Part of the criticisms is that the recent guidelines that are capable of constraining the practice and development of Internet banking Nigeria . One of such areas, for instance, is the requirement on electronic banking product development. While acknowledging that the existing regulations would apply wholly on electronic banking, section 4.2 of the Guidelines emphasizes that only banks, which are licensed, supervised and with physical presence in Nigeria, are permitted to offer electronic banking services in Nigeria, and that virtual banks are not to be allowed. The Guidelines also gives indications that the products/services can only be offered to residents of Nigeria with a verifiable address within the geographic boundary of Nigeria; any person residing physically in Nigeria as a citizen, under a resident permit or other legal residency designation under the Nigerian Immigration Act; any person known herein as a “classified person" who neither is temporarily in Nigeria. The Guidelines go further to indicate that the e-banking service should be offered in Naira only; and that where such a service is to be provided in foreign currency, it should be to only the holders of ordinary domiciliary accounts, and conform with all other foreign exchange regulations.
On some other aspects, the Guidelines have also been criticized for not addressing adequately the critical issues concerning Internet security. It failed to explicitly recommend a standard that allows banks to examine potential threats that may already be in existence in each individual financial institution's current network.
In addition to this array of criticisms, the workability of proper Internet framework is also queried amidst the poor state of basic information technological infrastructure in the country. This is essentially necessary since e-banking generally relies on the existence of adequate operational infrastructure like telecommunications and power to function effective. Though little success has been recorded, the supply of these requisite facilities is very erratic in the Nigerian case. Where they exist, high cost of acquisition and maintenance tend to deny a greater percentage of the population access to them. The case of Internet access is a glaring one – where majority of the citizens rely solely on the services of commercial cyber cafés to meet their Internet needs. It is expected of the E-Banking Guidelines to provide procedures not only for banks' investment in Internet facilities, but also in promoting customers' access to such. Unfortunately, none of such is contained in the document.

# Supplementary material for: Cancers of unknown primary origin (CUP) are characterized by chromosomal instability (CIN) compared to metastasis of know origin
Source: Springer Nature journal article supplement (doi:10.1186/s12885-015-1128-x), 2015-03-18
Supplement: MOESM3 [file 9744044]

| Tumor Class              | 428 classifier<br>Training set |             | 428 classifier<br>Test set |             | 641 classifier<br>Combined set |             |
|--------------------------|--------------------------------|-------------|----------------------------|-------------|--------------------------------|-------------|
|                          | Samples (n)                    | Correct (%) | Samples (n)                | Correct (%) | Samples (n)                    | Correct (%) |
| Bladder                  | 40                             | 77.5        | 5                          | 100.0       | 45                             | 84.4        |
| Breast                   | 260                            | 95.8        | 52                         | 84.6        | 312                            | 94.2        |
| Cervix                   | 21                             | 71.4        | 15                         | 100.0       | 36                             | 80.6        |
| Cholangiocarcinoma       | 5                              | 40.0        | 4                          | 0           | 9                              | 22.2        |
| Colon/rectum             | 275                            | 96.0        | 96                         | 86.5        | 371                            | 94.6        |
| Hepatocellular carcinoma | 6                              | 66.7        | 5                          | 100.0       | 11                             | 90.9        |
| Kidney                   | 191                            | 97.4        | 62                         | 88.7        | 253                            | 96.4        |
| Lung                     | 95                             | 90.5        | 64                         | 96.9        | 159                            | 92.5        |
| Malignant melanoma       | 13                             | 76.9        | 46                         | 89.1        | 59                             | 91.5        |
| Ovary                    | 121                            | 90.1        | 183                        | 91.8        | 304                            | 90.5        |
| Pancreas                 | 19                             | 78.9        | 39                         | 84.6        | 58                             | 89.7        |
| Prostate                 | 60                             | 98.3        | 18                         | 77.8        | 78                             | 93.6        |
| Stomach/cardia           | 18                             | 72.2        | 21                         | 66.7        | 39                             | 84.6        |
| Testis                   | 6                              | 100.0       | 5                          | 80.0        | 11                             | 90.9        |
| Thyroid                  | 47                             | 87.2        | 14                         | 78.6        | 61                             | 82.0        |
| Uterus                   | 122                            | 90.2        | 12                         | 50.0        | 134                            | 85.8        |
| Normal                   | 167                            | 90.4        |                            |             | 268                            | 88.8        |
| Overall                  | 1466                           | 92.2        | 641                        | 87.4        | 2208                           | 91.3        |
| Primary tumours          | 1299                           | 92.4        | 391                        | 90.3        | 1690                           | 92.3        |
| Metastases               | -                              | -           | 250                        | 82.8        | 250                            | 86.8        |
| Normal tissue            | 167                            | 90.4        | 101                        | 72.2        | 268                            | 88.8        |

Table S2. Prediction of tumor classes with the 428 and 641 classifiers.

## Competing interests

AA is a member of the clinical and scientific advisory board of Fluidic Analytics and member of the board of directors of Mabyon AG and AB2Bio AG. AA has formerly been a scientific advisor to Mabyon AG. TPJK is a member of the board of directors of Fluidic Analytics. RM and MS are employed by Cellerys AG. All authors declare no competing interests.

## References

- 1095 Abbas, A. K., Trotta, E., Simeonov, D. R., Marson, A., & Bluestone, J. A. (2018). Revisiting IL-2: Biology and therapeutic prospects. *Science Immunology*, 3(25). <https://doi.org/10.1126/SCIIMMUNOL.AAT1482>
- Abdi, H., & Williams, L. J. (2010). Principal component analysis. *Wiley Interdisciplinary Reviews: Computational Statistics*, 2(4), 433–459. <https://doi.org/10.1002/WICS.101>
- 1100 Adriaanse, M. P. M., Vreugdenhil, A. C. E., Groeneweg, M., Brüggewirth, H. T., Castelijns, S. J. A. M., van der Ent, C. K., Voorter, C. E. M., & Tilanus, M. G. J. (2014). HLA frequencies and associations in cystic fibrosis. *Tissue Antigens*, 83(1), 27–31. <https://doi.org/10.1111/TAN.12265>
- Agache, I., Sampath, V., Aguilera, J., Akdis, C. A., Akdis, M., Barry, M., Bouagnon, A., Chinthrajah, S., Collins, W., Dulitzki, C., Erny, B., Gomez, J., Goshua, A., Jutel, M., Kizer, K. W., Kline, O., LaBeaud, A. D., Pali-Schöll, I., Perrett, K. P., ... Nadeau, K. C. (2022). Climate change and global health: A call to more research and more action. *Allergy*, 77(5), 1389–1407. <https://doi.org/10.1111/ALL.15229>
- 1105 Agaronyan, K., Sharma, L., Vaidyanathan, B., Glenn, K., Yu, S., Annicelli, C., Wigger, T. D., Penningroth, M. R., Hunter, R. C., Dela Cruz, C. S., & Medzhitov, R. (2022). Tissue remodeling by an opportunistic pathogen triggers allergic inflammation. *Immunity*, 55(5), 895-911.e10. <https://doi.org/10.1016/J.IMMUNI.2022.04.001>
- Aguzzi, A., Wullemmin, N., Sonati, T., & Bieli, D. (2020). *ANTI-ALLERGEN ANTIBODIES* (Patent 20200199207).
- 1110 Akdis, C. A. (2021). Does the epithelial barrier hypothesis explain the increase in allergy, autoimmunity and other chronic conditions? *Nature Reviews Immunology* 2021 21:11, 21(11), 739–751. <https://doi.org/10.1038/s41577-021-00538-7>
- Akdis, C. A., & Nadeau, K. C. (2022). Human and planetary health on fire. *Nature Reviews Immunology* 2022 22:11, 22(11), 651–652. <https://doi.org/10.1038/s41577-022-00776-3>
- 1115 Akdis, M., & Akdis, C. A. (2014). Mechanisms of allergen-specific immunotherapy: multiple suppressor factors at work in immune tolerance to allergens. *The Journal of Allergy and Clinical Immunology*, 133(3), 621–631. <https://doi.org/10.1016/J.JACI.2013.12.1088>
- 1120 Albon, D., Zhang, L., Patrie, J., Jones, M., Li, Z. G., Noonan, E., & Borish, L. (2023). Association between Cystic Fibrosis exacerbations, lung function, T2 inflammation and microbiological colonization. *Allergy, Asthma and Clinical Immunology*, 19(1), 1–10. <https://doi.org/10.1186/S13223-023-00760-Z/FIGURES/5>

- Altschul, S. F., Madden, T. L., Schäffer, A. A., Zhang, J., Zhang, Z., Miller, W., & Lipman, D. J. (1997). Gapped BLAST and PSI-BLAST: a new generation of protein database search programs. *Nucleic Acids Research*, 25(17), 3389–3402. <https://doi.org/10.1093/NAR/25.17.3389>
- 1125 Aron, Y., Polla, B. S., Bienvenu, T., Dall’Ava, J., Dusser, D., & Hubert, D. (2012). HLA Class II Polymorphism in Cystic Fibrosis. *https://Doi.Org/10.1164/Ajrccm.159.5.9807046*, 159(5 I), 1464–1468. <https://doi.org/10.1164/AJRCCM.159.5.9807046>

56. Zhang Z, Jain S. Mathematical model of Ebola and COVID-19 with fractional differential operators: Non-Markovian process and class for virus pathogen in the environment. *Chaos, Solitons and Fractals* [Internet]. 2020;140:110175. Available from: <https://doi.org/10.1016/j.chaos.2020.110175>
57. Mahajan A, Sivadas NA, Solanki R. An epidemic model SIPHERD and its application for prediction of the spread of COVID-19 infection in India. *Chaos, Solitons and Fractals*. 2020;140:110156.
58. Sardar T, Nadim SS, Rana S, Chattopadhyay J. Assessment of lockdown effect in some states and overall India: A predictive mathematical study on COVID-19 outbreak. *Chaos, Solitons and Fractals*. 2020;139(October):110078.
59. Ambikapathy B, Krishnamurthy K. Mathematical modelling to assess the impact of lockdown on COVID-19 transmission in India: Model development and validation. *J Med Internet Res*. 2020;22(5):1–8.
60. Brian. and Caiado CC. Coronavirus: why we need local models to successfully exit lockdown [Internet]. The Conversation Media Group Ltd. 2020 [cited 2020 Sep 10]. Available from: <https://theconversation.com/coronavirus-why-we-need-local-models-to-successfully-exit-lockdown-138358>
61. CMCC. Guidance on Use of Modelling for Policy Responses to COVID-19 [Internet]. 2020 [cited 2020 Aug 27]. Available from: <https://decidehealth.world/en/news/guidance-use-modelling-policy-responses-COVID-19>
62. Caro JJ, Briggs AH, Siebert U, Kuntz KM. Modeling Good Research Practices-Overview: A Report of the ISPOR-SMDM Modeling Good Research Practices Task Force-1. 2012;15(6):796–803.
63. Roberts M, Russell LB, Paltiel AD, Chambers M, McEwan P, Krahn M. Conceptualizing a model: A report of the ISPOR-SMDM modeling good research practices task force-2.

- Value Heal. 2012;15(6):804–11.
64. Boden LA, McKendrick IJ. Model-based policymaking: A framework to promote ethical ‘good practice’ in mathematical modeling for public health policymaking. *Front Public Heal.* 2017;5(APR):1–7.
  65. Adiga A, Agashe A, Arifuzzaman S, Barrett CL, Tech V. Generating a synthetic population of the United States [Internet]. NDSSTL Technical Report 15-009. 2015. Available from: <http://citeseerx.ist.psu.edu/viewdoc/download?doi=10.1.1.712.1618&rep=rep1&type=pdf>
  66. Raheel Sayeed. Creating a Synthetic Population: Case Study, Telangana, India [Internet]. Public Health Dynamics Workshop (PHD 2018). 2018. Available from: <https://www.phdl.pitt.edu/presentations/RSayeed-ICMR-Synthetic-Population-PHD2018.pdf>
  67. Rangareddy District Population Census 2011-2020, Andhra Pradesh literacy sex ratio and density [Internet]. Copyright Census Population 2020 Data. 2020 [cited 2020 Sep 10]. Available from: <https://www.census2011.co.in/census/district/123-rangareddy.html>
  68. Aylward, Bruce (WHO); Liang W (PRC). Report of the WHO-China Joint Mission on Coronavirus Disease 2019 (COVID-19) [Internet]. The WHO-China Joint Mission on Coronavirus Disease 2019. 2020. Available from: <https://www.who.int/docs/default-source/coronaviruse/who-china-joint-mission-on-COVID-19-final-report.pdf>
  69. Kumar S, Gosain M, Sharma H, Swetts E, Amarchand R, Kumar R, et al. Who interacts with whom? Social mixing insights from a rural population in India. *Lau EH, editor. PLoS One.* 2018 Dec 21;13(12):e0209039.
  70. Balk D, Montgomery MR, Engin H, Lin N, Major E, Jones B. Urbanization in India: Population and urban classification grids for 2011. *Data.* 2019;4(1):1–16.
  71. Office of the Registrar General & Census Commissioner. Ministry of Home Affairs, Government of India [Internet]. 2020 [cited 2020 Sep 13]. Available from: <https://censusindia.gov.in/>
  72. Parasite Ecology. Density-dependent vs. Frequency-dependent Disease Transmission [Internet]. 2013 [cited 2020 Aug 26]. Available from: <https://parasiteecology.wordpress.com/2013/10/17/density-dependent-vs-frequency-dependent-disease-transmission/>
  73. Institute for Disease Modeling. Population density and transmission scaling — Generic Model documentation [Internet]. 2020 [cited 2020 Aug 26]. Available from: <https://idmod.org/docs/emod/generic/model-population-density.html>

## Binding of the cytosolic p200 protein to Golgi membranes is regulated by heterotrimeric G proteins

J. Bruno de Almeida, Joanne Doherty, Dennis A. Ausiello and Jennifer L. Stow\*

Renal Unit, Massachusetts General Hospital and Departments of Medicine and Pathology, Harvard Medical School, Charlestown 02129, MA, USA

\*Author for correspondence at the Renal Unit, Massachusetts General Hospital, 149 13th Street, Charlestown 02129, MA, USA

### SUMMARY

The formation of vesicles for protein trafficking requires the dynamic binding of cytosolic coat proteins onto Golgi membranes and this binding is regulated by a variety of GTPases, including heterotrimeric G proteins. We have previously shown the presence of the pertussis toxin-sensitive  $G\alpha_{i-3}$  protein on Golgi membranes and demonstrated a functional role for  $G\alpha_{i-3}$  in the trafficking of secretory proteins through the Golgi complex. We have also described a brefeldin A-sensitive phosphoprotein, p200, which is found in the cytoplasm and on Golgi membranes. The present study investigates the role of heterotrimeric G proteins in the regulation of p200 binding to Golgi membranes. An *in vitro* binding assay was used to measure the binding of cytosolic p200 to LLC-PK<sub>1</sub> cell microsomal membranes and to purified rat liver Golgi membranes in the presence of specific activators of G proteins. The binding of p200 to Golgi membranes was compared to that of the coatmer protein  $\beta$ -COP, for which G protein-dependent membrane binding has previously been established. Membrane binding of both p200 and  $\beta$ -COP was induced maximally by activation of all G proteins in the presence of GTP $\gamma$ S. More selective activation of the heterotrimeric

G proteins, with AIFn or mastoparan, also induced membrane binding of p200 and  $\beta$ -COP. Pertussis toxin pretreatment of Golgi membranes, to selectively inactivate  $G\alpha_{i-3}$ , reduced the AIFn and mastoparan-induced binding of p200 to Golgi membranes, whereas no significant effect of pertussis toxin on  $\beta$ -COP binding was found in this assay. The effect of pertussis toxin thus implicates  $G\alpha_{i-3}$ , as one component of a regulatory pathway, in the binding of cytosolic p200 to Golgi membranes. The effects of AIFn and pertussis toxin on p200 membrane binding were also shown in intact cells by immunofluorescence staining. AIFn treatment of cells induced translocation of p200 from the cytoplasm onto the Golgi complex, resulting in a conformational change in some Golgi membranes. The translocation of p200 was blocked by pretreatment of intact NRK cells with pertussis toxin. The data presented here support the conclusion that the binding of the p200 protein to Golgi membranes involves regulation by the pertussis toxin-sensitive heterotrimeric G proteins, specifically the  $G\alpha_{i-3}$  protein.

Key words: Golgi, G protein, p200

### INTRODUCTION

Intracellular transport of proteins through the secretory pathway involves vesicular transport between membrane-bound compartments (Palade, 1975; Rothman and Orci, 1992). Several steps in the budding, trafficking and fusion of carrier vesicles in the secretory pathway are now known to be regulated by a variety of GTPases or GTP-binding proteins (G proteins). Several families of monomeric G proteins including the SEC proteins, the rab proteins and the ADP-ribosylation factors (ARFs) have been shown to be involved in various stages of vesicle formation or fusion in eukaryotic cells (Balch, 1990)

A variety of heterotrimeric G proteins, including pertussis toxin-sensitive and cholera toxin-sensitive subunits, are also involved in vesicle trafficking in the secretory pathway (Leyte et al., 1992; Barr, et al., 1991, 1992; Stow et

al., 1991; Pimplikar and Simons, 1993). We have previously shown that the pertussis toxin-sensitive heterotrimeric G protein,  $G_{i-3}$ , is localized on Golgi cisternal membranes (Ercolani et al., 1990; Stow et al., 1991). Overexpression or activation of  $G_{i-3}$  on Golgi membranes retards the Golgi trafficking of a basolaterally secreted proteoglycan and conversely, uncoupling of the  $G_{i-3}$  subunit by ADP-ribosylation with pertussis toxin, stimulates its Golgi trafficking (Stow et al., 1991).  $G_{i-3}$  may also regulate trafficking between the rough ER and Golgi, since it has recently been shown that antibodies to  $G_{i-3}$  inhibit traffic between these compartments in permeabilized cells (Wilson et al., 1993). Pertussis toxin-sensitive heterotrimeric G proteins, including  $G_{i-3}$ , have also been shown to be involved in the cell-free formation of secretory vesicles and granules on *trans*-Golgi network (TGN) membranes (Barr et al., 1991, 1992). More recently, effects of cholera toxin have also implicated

As it stands, Internet banking might take a reasonably long time to fully become of economic relevance in the country's banking practice. Even amidst the regulatory deficiencies identified above, the rising cases of Internet related frauds originating from Nigeria have made the Internet banking environment very complex. The banking industry in the country does not also at present enjoy that level of global integration that may allow for full benefits of Internet banking system. Even at home, the level of public confidence in the banks is not such that can guarantee effective customer patronage of Internet Banking services. Hence in addition to the cases of poor access to the requisite facilities, very few customers actually transact businesses through the Internet. This explains why the development of banks' web sites has not gone beyond information purposes. A situation where banks would have to invest much on acquiring information technology software without attracting enough customer patronage necessary to justify the huge expenditure does not make for a progressive chance for rapid growth in Internet banking in Nigeria . With the deficiencies in the existing electronic banking guidelines and the seemingly lack of proactive measures in other banking regulations in the country, the right environment for Internet banking remains presently not in existence.